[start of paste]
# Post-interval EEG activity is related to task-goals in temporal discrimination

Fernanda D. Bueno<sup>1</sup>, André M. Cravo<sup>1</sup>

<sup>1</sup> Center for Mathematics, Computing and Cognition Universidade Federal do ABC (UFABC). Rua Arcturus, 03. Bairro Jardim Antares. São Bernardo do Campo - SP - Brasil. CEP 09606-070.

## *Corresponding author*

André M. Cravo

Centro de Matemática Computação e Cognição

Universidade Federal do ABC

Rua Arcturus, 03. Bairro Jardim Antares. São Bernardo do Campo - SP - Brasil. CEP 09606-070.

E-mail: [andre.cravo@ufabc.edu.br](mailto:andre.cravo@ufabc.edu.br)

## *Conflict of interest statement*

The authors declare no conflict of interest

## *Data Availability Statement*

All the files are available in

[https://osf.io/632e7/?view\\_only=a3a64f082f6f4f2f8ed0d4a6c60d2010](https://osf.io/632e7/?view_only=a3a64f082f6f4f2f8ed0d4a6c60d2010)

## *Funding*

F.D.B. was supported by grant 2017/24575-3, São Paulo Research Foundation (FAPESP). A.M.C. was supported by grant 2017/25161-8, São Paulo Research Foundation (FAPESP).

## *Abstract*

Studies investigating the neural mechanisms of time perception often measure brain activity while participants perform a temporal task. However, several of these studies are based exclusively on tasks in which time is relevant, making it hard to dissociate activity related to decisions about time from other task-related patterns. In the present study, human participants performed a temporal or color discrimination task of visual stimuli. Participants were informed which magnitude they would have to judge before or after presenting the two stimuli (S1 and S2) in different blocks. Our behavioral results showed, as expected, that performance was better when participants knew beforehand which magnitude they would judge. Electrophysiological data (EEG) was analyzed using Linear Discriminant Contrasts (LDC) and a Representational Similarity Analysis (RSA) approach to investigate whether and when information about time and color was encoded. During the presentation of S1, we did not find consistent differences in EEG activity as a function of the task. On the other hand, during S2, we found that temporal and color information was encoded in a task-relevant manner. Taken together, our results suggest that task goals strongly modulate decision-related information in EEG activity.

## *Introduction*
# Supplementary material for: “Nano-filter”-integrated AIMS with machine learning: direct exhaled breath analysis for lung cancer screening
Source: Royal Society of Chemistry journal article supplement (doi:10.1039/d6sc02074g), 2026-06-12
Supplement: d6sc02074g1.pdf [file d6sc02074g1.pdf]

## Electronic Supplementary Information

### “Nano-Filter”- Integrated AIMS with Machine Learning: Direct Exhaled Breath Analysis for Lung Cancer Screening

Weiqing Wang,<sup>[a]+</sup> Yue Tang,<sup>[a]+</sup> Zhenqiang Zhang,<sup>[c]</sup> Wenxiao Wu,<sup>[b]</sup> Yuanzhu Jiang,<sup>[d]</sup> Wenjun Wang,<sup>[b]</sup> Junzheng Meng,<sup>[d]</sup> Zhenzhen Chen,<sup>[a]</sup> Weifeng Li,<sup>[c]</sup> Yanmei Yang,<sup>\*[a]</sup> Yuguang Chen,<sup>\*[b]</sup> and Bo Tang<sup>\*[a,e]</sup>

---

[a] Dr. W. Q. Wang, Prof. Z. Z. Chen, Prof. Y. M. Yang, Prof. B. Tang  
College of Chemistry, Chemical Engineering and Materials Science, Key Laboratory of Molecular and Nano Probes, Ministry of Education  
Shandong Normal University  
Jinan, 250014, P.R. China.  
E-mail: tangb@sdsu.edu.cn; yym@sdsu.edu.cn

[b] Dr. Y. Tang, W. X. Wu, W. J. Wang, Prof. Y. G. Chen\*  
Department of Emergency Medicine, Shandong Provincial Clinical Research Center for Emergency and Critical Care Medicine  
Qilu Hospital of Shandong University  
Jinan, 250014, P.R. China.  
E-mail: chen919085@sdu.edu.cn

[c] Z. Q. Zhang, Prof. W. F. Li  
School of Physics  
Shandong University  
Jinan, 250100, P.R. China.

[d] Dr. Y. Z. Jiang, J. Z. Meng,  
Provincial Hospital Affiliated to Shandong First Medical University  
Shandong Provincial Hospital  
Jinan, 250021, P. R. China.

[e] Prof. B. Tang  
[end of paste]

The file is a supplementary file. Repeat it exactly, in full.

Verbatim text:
# Post-interval EEG activity is related to task-goals in temporal discrimination

Fernanda D. Bueno<sup>1</sup>, André M. Cravo<sup>1</sup>

<sup>1</sup> Center for Mathematics, Computing and Cognition Universidade Federal do ABC (UFABC). Rua Arcturus, 03. Bairro Jardim Antares. São Bernardo do Campo - SP - Brasil. CEP 09606-070.

## *Corresponding author*

André M. Cravo

Centro de Matemática Computação e Cognição

Universidade Federal do ABC

Rua Arcturus, 03. Bairro Jardim Antares. São Bernardo do Campo - SP - Brasil. CEP 09606-070.

E-mail: [andre.cravo@ufabc.edu.br](mailto:andre.cravo@ufabc.edu.br)

## *Conflict of interest statement*

The authors declare no conflict of interest

## *Data Availability Statement*

All the files are available in

[https://osf.io/632e7/?view\\_only=a3a64f082f6f4f2f8ed0d4a6c60d2010](https://osf.io/632e7/?view_only=a3a64f082f6f4f2f8ed0d4a6c60d2010)

## *Funding*

F.D.B. was supported by grant 2017/24575-3, São Paulo Research Foundation (FAPESP). A.M.C. was supported by grant 2017/25161-8, São Paulo Research Foundation (FAPESP).

## *Abstract*

Studies investigating the neural mechanisms of time perception often measure brain activity while participants perform a temporal task. However, several of these studies are based exclusively on tasks in which time is relevant, making it hard to dissociate activity related to decisions about time from other task-related patterns. In the present study, human participants performed a temporal or color discrimination task of visual stimuli. Participants were informed which magnitude they would have to judge before or after presenting the two stimuli (S1 and S2) in different blocks. Our behavioral results showed, as expected, that performance was better when participants knew beforehand which magnitude they would judge. Electrophysiological data (EEG) was analyzed using Linear Discriminant Contrasts (LDC) and a Representational Similarity Analysis (RSA) approach to investigate whether and when information about time and color was encoded. During the presentation of S1, we did not find consistent differences in EEG activity as a function of the task. On the other hand, during S2, we found that temporal and color information was encoded in a task-relevant manner. Taken together, our results suggest that task goals strongly modulate decision-related information in EEG activity.

## *Introduction*
# Supplementary material for: “Nano-filter”-integrated AIMS with machine learning: direct exhaled breath analysis for lung cancer screening
Source: Royal Society of Chemistry journal article supplement (doi:10.1039/d6sc02074g), 2026-06-12
Supplement: d6sc02074g1.pdf [file d6sc02074g1.pdf]

## Electronic Supplementary Information

### “Nano-Filter”- Integrated AIMS with Machine Learning: Direct Exhaled Breath Analysis for Lung Cancer Screening

Weiqing Wang,<sup>[a]+</sup> Yue Tang,<sup>[a]+</sup> Zhenqiang Zhang,<sup>[c]</sup> Wenxiao Wu,<sup>[b]</sup> Yuanzhu Jiang,<sup>[d]</sup> Wenjun Wang,<sup>[b]</sup> Junzheng Meng,<sup>[d]</sup> Zhenzhen Chen,<sup>[a]</sup> Weifeng Li,<sup>[c]</sup> Yanmei Yang,<sup>\*[a]</sup> Yuguang Chen,<sup>\*[b]</sup> and Bo Tang<sup>\*[a,e]</sup>

---

[a] Dr. W. Q. Wang, Prof. Z. Z. Chen, Prof. Y. M. Yang, Prof. B. Tang  
College of Chemistry, Chemical Engineering and Materials Science, Key Laboratory of Molecular and Nano Probes, Ministry of Education  
Shandong Normal University  
Jinan, 250014, P.R. China.  
E-mail: tangb@sdsu.edu.cn; yym@sdsu.edu.cn

[b] Dr. Y. Tang, W. X. Wu, W. J. Wang, Prof. Y. G. Chen\*  
Department of Emergency Medicine, Shandong Provincial Clinical Research Center for Emergency and Critical Care Medicine  
Qilu Hospital of Shandong University  
Jinan, 250014, P.R. China.  
E-mail: chen919085@sdu.edu.cn

[c] Z. Q. Zhang, Prof. W. F. Li  
School of Physics  
Shandong University  
Jinan, 250100, P.R. China.

[d] Dr. Y. Z. Jiang, J. Z. Meng,  
Provincial Hospital Affiliated to Shandong First Medical University  
Shandong Provincial Hospital  
Jinan, 250021, P. R. China.

[e] Prof. B. Tang  